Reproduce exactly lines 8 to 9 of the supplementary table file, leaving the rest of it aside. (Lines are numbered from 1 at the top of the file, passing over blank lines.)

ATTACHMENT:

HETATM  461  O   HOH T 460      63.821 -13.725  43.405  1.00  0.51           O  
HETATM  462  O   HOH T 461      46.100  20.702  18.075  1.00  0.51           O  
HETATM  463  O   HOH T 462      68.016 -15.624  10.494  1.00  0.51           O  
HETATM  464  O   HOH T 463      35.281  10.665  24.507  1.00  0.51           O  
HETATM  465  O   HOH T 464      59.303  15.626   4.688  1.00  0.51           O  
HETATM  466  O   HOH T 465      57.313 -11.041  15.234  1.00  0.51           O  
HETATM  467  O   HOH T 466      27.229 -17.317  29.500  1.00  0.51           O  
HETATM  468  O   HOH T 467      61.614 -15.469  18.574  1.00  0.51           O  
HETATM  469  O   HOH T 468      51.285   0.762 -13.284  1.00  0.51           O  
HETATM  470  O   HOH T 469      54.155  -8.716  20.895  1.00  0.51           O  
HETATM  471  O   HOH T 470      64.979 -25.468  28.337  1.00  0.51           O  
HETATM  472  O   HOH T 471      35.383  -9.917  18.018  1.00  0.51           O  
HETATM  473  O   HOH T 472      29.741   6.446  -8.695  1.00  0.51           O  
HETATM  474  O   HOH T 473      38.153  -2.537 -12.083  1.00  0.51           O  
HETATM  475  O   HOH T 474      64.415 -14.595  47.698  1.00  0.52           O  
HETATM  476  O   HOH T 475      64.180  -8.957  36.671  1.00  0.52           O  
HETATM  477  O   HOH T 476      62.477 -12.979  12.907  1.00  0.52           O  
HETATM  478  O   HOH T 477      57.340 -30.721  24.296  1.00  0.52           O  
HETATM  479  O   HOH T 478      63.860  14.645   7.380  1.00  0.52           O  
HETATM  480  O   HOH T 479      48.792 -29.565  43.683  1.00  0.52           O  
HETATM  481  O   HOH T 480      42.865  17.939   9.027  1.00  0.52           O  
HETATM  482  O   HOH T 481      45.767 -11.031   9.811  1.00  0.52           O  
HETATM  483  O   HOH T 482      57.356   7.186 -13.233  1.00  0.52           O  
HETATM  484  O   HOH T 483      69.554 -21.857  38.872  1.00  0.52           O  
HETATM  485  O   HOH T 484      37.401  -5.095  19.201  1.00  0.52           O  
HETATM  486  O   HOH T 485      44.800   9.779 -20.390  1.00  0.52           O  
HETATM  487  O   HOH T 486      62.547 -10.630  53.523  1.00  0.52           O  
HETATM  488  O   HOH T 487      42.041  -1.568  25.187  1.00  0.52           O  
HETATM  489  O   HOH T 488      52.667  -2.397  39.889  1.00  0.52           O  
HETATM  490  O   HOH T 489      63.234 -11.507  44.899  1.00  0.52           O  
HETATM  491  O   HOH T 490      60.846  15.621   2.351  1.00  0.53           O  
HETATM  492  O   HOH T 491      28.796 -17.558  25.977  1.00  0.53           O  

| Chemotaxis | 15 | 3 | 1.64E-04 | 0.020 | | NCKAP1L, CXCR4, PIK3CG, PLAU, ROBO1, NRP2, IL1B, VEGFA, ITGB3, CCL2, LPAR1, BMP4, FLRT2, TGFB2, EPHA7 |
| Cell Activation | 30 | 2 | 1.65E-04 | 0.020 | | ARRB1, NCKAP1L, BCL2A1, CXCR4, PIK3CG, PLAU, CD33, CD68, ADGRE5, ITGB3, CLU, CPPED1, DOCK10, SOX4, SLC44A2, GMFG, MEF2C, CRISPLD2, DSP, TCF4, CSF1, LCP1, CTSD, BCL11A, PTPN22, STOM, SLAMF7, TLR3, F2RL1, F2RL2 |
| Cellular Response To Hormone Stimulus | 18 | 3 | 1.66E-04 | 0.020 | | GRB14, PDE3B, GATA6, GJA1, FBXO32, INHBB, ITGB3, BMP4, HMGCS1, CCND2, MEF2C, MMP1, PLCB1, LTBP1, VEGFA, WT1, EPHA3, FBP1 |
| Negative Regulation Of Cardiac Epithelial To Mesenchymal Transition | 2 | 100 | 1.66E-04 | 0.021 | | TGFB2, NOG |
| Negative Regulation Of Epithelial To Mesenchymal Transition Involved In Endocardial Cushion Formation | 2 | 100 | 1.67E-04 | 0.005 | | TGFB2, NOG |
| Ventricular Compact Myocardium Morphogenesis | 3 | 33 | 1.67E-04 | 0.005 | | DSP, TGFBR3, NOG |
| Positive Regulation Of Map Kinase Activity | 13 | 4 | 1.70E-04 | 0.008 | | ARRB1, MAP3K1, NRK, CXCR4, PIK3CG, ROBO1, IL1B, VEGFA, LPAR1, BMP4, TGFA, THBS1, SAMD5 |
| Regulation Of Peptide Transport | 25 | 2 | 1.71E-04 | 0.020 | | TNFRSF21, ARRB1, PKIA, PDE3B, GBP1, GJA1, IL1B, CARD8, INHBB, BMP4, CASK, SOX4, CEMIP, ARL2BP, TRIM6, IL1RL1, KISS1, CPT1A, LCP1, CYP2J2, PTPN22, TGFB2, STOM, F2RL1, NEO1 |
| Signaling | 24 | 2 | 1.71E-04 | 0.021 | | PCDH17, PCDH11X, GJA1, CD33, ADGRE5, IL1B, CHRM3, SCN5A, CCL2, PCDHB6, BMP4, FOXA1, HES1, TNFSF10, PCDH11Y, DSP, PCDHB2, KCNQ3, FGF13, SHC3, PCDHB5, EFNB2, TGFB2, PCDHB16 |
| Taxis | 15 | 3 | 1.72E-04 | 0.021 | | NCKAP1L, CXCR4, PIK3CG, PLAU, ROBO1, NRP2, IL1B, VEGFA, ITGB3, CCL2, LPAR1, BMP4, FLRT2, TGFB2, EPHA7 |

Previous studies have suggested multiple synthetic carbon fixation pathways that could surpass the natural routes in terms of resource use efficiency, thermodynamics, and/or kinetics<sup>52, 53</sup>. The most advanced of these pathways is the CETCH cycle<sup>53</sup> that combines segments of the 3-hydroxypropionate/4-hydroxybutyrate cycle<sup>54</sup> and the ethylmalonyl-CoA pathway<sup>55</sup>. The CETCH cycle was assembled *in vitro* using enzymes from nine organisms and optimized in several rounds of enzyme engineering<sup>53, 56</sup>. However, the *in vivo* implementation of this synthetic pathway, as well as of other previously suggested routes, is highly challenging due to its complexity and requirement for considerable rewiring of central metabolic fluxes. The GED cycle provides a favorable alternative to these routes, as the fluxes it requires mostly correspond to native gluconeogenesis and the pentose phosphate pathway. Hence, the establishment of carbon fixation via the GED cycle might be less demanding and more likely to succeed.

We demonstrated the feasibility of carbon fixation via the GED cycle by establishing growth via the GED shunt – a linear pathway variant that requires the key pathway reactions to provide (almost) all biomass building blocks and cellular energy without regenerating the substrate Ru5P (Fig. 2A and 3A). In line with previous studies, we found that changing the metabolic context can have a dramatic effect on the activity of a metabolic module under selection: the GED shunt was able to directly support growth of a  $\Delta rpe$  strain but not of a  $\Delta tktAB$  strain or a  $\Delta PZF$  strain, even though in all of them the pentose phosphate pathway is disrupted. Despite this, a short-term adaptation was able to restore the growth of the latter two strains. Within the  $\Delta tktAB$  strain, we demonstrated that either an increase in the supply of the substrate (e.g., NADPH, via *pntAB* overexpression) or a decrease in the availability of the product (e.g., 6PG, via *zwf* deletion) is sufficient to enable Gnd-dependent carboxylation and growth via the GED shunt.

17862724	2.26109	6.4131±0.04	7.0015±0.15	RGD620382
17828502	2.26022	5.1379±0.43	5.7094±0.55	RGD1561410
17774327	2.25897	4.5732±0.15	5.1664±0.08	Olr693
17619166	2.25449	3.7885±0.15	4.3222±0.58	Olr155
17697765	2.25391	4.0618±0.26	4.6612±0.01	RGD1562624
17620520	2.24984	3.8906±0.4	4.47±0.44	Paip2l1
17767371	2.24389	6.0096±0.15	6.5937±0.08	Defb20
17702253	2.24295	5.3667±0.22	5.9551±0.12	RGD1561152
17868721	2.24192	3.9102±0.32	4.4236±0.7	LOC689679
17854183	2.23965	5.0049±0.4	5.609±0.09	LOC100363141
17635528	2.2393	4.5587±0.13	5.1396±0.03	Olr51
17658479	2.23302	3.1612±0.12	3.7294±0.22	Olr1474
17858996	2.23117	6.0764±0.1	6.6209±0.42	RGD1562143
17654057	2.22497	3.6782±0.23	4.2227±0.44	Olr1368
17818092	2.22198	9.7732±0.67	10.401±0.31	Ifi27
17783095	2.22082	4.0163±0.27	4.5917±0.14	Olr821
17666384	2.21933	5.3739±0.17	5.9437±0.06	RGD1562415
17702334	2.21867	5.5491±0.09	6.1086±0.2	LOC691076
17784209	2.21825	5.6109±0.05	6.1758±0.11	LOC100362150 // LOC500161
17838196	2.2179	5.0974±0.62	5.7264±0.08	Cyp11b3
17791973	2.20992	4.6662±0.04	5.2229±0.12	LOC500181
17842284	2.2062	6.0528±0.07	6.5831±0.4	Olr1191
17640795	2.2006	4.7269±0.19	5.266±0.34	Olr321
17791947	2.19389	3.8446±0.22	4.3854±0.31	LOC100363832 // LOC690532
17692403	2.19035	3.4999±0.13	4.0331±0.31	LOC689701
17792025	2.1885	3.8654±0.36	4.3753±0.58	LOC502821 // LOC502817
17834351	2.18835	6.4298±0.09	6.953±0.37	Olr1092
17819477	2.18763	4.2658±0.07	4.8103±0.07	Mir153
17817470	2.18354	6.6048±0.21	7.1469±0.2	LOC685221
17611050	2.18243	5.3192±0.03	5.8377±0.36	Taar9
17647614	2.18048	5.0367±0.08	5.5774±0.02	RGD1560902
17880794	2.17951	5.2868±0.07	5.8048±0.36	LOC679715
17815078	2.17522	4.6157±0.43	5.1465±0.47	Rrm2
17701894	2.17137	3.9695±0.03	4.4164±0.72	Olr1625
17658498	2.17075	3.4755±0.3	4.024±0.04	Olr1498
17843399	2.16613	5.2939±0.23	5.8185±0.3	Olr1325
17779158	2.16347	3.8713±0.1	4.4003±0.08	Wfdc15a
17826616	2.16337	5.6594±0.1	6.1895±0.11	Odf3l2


HETATM  468  O   HOH T 467      61.614 -15.469  18.574  1.00  0.51           O  
HETATM  469  O   HOH T 468      51.285   0.762 -13.284  1.00  0.51           O  